‘Bridge plans must consider women’s Kotel area'

Supreme Court says any new decision on Mughrabi Bridge plans are subject to judicial review.

women praying at wester wall 370 (photo credit: Marc Israel Sellem)
women praying at wester wall 370
(photo credit: Marc Israel Sellem)
State planning authorities must examine plans to expand the women’s section at the Western Wall as part of reconstructions of the Mughrabi Bridge, and must take into consideration security issues, the Supreme Court ruled on Tuesday.
The decision came in response to a petition filed by the state and the Western Wall Heritage Foundation, the state body responsible for maintaining the Kotel, against an administrative court ruling that forbade expansion of the women’s section as part of plans to reconstruct the controversial bridge.
The court’s ruling is the latest stage in a protracted legal battle over plans to redevelop the Mughrabi Bridge, a temporary wooden structure and the sole point of access for non-Muslims to the Temple Mount from the Western Wall.
Israel built the wooden bridge in 2004, after the previous structure, an earthen mound known as the Mughrabi Ascent, collapsed.
A 2007 decision by local planning committees to replace the wooden bridge with a permanent structure sparked widespread riots in Jerusalem and in Jordan, after the Antiquities Authority carried out archeological excavations on the Mughrabi Ascent. In Gaza, Islamic Jihad fired rockets at Sderot in protest against the excavations.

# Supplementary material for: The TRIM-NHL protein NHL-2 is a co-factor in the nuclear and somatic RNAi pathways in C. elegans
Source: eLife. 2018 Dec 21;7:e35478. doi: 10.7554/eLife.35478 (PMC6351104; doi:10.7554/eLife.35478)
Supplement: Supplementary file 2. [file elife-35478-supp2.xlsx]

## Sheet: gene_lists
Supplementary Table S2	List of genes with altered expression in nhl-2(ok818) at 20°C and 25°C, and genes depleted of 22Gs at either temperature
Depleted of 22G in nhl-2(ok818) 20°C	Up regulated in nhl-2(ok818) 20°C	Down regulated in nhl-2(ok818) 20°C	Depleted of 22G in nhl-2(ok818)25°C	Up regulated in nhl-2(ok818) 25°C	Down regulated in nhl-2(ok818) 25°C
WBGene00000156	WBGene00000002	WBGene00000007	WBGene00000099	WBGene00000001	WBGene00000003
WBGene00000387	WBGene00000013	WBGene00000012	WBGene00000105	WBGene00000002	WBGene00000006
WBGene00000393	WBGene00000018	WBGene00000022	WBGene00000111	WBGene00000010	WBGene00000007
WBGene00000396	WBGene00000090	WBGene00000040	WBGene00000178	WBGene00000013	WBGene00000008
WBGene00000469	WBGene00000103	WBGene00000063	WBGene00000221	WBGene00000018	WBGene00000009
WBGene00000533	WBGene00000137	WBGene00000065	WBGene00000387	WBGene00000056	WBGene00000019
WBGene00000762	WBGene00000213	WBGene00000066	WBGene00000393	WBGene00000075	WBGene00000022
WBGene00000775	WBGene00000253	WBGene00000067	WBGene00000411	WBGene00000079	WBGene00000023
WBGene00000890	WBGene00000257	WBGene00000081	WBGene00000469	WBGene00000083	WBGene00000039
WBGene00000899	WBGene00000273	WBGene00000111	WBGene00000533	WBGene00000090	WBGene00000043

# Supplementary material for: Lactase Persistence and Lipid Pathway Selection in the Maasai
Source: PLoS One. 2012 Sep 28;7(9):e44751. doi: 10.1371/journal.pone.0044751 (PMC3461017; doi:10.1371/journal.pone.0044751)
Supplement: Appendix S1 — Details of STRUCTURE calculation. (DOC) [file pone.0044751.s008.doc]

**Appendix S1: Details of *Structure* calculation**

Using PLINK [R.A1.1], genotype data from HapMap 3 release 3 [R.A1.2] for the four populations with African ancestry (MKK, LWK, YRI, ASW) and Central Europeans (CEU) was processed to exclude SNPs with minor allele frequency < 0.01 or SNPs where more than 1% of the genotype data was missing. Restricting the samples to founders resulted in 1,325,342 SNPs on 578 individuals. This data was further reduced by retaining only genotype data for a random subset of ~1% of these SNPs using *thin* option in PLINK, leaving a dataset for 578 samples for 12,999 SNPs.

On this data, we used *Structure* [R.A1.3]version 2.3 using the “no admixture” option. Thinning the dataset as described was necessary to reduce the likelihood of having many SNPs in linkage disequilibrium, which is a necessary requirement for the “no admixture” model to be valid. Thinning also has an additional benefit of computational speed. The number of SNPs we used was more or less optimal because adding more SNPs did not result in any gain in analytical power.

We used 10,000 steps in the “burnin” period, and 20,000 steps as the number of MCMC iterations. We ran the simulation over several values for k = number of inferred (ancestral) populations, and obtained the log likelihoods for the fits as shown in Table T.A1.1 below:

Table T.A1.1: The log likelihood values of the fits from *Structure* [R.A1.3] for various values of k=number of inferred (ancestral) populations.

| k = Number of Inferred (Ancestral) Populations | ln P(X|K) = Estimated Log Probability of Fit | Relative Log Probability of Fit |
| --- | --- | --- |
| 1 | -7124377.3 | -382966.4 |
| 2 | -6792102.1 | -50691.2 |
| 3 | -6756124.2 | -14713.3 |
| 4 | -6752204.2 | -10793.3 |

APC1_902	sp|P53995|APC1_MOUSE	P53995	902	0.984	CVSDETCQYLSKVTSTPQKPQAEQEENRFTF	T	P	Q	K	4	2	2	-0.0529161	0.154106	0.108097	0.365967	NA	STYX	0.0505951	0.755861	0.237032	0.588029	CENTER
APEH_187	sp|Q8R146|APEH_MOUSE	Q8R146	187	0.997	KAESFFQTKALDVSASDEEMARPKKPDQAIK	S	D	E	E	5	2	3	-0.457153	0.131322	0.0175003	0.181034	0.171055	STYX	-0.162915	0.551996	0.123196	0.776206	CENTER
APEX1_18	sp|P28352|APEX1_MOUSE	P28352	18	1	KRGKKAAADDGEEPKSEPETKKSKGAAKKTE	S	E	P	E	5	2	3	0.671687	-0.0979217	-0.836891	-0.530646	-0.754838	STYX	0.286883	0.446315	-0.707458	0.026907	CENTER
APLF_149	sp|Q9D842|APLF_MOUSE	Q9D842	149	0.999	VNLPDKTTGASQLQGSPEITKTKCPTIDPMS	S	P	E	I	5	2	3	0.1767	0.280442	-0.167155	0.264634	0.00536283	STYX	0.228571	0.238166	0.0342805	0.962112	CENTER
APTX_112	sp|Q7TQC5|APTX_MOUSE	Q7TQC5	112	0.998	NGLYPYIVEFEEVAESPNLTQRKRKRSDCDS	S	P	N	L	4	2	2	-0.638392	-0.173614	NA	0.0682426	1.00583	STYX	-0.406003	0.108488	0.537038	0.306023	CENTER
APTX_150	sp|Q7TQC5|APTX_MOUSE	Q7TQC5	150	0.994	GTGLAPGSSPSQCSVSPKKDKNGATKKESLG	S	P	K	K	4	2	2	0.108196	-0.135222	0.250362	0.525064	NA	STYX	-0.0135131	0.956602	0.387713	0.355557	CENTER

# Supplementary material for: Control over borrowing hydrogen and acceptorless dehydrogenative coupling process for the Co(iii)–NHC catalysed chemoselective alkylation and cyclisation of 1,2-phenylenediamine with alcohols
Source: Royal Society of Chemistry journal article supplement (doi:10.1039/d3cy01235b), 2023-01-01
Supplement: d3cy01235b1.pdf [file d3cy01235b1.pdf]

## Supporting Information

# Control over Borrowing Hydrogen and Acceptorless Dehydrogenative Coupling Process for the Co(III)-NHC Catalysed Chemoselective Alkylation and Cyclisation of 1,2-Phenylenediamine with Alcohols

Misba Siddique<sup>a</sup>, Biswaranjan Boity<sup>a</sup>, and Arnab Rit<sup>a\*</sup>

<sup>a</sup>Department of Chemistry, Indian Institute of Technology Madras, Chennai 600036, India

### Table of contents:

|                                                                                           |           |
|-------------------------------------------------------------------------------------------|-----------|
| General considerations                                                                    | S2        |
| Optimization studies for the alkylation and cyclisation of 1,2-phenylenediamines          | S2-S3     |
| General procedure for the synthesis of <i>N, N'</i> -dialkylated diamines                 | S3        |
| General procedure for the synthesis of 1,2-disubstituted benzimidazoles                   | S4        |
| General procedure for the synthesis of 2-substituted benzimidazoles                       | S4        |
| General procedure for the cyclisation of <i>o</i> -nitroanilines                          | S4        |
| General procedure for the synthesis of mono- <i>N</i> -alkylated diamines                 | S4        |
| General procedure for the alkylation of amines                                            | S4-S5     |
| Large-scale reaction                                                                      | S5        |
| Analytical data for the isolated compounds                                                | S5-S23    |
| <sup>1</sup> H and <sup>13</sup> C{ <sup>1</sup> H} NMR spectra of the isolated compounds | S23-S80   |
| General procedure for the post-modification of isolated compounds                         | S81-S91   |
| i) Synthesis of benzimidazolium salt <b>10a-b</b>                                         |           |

The excavations were part of mandatory planning procedures to avoid destroying important antiquities. However, Muslim leaders in Israel and elsewhere accused the authorities of attempting to destroy the Aksa Mosque.
After legal consultation, the authorities decided to freeze their initial plans and submit a new plan to Jerusalem’s district planning and construction committee, which included a request to expand the cramped women’s section by including a prayer section under the bridge.
In 2009, Islamic historian Dr. Mahmoud Massalha petitioned the appeals subcommittee of the National Planning Council against the decision, arguing that the aim of the permanent bridge and the archeological excavations was to expand the Western Wall Plaza.
When the appeals subcommittee rejected his appeal, Massalha petitioned the Jerusalem Administrative Affairs Court against the plan.
That court partially accepted Massalha’s petition, holding that the state was permitted to build the permanent bridge but not to expand the Western Wall plaza to create more room for prayer. Judge Moussia Arad said that the original plan approved by the planning authorities had been to create the bridge and not expand the plaza to add extra prayer space.
In their Supreme Court appeal, the state and the Western Wall Heritage Society argued that about seven million people visit the Western Wall every year and preventing the expansion of the women’s section was “an absurd result.”
In Tuesday’s ruling, the Supreme Court accepted the appeal, but not in the way the state and the Western Wall Heritage Society requested.
The panel of justices Miriam Naor, Esther Hayut and Neal Handel said that the national planning council’s appeals subcommittee had been wrong when it found that expanding the women’s section had been removed from the agenda, since the regional planning committee had explicitly endorsed it.